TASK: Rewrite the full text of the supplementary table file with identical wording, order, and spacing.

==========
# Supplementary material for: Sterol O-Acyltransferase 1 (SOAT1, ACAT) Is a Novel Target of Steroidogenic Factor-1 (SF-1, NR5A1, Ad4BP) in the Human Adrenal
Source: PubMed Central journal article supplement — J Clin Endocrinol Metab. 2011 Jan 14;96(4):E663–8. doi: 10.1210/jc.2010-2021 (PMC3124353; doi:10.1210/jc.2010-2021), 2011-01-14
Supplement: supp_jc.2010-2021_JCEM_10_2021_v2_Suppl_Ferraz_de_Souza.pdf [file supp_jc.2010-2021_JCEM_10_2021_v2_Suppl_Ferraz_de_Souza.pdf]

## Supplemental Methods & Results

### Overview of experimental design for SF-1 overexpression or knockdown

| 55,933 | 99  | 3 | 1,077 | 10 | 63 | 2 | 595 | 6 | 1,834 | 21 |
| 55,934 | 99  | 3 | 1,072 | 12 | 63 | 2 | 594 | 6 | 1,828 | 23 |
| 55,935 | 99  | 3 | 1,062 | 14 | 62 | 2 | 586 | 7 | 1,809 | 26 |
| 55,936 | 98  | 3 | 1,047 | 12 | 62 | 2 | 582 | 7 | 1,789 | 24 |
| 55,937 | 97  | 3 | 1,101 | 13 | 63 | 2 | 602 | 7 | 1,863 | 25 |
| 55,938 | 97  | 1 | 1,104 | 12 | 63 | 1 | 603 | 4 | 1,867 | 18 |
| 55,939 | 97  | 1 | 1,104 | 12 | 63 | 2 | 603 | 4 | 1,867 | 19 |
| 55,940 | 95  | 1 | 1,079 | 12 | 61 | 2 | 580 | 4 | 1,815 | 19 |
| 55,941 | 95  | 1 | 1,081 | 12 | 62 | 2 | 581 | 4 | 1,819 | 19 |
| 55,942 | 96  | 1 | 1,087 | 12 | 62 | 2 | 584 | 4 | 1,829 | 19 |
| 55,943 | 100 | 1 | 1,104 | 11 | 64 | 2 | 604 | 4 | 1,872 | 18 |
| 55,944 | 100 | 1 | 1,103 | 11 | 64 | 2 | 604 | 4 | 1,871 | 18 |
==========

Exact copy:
# Supplementary material for: Sterol O-Acyltransferase 1 (SOAT1, ACAT) Is a Novel Target of Steroidogenic Factor-1 (SF-1, NR5A1, Ad4BP) in the Human Adrenal
Source: PubMed Central journal article supplement — J Clin Endocrinol Metab. 2011 Jan 14;96(4):E663–8. doi: 10.1210/jc.2010-2021 (PMC3124353; doi:10.1210/jc.2010-2021), 2011-01-14
Supplement: supp_jc.2010-2021_JCEM_10_2021_v2_Suppl_Ferraz_de_Souza.pdf [file supp_jc.2010-2021_JCEM_10_2021_v2_Suppl_Ferraz_de_Souza.pdf]

## Supplemental Methods & Results

### Overview of experimental design for SF-1 overexpression or knockdown

| 55,933 | 99  | 3 | 1,077 | 10 | 63 | 2 | 595 | 6 | 1,834 | 21 |
| 55,934 | 99  | 3 | 1,072 | 12 | 63 | 2 | 594 | 6 | 1,828 | 23 |
| 55,935 | 99  | 3 | 1,062 | 14 | 62 | 2 | 586 | 7 | 1,809 | 26 |
| 55,936 | 98  | 3 | 1,047 | 12 | 62 | 2 | 582 | 7 | 1,789 | 24 |
| 55,937 | 97  | 3 | 1,101 | 13 | 63 | 2 | 602 | 7 | 1,863 | 25 |
| 55,938 | 97  | 1 | 1,104 | 12 | 63 | 1 | 603 | 4 | 1,867 | 18 |
| 55,939 | 97  | 1 | 1,104 | 12 | 63 | 2 | 603 | 4 | 1,867 | 19 |
| 55,940 | 95  | 1 | 1,079 | 12 | 61 | 2 | 580 | 4 | 1,815 | 19 |
| 55,941 | 95  | 1 | 1,081 | 12 | 62 | 2 | 581 | 4 | 1,819 | 19 |
| 55,942 | 96  | 1 | 1,087 | 12 | 62 | 2 | 584 | 4 | 1,829 | 19 |
| 55,943 | 100 | 1 | 1,104 | 11 | 64 | 2 | 604 | 4 | 1,872 | 18 |
| 55,944 | 100 | 1 | 1,103 | 11 | 64 | 2 | 604 | 4 | 1,871 | 18 |